Date of Award
Doctor of Philosophy (PhD)
Peter A. Vanable
Disclosure, Experiment, HIV, Provider, Stigma
The major focus for the present study was to examine the effects of provider stigmatization on the medical care of HIV+ patients, by using an experimental paradigm and examining a conceptual framework to clarify the relationship between provider stigmatization and negative treatment outcomes. Initial qualitative findings from focus groups (n = 18) indicated that several key elements of stigmatizing treatment experiences included judgmental and condescending language, patient avoidance, increased physical distance between patient and provider during conversations and procedures, and use of extra, unnecessary precautions (e.g. use of extra gloves, masks). These provider behaviors were experimentally manipulated and incorporated into computerized vignettes containing audio and visual stimuli depicting "typical" medical appointments. In the experimental phase, participants (n = 90) were randomly assigned to view either a highly stigmatizing or a non-stigmatizing treatment vignette and then subsequently rate their willingness to engage in HIV care. Findings indicated that patients assigned to the highly stigmatizing condition were the most unwilling to engage in HIV care as demonstrated in lower intentions to remain in care, disclose sexual and substance use risk behaviors, and discuss medication adherence difficulties. As hypothesized, the effect of the experimental stigma condition on patients' willingness to engage in care was mediated by patients' feelings of comfort and their perceptions of stigma within the patient-provider interaction. Findings from the present study may help to inform the development of interventions to assist healthcare providers in creating more positive treatment experiences for their HIV+ patients to improve implementation of self care and reduction of risk behaviors.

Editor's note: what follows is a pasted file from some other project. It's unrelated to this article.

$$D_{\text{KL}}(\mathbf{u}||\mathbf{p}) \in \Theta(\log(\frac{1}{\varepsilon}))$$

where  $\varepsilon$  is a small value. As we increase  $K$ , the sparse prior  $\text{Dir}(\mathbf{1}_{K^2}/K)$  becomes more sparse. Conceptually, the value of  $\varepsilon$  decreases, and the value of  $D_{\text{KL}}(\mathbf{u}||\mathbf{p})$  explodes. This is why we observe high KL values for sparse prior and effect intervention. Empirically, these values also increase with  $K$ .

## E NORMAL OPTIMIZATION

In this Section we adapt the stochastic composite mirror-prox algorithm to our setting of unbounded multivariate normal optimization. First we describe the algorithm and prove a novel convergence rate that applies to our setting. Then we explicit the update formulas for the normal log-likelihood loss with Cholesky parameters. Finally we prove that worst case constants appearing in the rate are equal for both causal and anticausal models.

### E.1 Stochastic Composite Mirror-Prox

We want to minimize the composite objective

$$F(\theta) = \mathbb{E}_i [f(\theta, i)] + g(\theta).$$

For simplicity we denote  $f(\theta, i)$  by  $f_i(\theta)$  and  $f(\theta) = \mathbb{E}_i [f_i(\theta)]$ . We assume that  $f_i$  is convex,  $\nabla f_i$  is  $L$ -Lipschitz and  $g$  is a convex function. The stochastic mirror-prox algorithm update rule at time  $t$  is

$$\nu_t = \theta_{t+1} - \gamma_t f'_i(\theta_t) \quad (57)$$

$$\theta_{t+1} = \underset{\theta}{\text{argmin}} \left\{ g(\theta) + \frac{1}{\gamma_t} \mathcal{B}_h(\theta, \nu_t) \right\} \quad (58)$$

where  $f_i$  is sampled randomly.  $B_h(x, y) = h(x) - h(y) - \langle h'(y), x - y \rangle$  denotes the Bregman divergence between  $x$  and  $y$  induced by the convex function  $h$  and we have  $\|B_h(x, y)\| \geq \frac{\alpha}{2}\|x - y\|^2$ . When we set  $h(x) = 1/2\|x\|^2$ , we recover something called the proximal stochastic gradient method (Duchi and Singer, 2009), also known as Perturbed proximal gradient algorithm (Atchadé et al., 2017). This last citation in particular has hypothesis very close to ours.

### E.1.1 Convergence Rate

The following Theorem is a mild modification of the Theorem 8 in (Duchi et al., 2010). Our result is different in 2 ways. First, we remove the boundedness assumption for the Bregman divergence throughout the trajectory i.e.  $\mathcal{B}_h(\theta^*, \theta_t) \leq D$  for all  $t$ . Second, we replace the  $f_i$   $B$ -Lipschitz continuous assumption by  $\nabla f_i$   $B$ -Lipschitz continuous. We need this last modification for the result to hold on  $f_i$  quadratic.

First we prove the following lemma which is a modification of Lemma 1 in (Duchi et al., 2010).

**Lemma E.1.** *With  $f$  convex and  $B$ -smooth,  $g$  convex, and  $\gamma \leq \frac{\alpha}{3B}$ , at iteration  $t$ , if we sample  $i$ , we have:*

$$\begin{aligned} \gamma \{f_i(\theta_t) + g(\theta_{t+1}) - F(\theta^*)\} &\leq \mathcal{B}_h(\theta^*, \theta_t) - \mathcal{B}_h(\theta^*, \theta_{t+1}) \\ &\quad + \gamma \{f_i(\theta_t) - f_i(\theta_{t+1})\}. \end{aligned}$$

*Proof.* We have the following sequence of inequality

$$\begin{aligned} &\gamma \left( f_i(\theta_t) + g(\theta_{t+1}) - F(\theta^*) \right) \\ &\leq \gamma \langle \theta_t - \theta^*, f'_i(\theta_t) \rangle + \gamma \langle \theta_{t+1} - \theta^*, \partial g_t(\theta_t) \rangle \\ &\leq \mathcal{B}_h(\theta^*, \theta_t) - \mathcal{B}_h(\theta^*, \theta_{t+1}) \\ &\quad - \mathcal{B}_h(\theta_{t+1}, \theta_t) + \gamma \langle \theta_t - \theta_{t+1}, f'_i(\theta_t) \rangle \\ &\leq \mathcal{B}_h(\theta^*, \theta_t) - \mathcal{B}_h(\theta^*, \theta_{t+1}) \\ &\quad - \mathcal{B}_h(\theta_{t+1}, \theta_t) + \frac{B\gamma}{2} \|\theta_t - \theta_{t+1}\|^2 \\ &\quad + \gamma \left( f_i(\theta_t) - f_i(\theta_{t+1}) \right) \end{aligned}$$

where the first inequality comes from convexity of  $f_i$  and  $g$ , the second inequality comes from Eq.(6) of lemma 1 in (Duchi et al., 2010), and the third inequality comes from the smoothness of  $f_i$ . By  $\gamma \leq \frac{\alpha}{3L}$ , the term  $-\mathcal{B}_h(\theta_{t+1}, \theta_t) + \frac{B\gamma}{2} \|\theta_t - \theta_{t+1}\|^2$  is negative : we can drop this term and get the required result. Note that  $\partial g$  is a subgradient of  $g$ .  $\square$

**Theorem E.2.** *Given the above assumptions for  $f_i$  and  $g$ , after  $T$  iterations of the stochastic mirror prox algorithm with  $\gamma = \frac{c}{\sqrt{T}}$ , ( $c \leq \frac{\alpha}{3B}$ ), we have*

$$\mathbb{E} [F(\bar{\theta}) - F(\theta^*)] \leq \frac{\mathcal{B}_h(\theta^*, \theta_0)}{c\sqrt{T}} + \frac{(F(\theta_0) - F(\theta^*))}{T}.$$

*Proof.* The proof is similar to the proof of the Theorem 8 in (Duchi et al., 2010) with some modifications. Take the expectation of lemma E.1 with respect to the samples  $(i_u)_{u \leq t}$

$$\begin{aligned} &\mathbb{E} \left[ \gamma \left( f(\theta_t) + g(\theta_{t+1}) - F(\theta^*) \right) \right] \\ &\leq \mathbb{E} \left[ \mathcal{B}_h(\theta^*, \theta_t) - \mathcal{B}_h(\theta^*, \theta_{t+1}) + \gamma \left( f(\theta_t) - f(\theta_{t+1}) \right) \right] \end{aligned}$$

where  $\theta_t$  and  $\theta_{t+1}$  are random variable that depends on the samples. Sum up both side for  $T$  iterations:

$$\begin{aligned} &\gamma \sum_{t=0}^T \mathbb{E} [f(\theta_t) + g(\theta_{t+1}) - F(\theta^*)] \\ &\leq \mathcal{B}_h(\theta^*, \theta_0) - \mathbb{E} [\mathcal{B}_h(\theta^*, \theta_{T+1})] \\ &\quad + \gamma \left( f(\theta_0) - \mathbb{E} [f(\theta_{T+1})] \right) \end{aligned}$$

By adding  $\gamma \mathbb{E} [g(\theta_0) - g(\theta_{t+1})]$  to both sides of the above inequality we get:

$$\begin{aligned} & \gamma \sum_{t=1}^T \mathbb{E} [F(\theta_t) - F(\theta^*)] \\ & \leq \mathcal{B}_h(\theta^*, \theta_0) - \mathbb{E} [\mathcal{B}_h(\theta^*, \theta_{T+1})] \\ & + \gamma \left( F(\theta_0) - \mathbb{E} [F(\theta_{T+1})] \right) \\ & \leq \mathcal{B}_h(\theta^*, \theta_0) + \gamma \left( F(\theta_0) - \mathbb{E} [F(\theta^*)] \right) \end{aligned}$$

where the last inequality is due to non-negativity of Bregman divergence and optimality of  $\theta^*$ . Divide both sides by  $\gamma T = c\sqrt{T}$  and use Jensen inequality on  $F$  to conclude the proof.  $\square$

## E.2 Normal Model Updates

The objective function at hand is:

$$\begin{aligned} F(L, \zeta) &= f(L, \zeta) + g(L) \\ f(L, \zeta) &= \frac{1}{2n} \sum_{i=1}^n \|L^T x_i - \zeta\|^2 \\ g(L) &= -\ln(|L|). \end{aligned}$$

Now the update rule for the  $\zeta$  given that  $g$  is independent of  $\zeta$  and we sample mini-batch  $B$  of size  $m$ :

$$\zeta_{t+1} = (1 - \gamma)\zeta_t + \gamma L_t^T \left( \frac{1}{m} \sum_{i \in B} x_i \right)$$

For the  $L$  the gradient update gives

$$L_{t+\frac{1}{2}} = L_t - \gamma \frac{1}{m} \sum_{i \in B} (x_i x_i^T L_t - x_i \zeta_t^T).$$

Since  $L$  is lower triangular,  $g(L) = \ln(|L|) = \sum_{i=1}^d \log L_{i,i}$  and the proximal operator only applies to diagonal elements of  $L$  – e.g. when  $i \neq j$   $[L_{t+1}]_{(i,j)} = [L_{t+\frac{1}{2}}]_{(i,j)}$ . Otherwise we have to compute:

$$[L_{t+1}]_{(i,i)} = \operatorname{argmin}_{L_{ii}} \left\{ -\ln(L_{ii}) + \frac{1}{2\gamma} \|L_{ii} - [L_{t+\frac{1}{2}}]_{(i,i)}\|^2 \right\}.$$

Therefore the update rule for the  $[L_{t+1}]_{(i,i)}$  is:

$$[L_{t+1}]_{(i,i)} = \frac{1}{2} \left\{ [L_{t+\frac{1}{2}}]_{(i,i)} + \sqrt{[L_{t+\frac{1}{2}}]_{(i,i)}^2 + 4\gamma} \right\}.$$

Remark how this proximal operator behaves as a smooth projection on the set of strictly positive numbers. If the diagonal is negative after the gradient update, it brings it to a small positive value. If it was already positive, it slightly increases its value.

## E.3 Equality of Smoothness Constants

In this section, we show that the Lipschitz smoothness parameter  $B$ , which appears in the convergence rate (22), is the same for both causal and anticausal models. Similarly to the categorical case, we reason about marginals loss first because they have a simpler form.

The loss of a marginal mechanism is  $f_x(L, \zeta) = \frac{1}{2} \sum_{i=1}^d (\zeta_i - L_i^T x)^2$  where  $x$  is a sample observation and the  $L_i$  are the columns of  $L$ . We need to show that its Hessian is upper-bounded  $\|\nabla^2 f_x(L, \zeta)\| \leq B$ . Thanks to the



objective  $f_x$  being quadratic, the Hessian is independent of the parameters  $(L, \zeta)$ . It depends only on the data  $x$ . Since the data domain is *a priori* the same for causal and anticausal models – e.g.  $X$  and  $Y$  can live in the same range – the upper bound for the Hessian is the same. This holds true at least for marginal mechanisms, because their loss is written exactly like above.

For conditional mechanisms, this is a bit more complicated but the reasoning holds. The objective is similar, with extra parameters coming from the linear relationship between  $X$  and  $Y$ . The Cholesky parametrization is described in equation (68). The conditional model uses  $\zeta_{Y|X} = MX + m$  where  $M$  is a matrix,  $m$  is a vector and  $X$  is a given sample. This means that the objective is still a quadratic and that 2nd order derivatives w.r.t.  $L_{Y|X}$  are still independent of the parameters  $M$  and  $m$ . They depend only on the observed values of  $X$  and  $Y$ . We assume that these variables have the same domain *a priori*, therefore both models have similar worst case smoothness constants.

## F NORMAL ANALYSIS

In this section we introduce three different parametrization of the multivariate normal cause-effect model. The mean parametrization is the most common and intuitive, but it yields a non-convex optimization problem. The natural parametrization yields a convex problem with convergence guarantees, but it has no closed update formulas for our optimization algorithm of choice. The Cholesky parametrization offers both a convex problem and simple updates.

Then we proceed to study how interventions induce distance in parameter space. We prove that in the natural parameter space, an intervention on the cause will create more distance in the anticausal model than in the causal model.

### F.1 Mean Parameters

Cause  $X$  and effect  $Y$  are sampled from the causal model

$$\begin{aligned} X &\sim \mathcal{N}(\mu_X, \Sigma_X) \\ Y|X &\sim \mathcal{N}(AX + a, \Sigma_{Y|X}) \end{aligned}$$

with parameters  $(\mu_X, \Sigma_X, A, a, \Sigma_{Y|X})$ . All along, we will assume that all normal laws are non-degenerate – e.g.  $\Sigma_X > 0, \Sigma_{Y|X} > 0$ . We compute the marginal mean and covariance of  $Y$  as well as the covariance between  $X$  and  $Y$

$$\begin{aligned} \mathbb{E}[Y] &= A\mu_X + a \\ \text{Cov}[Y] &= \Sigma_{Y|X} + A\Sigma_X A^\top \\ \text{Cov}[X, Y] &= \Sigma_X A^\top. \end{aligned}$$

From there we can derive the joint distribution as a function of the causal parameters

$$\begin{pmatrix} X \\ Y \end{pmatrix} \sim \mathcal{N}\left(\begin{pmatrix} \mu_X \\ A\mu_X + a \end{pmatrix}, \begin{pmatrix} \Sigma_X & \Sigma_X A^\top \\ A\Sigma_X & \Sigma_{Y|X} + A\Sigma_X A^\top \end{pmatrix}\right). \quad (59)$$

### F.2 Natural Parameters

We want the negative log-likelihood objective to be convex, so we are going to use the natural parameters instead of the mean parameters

Naughton, Jessica DeAnne, "HIV-Related Stigmatization in Treatment Settings: Effects on Patient Comfort, Risk Disclosure, and Treatment Decisions" (2012). Psychology - Dissertations. 171.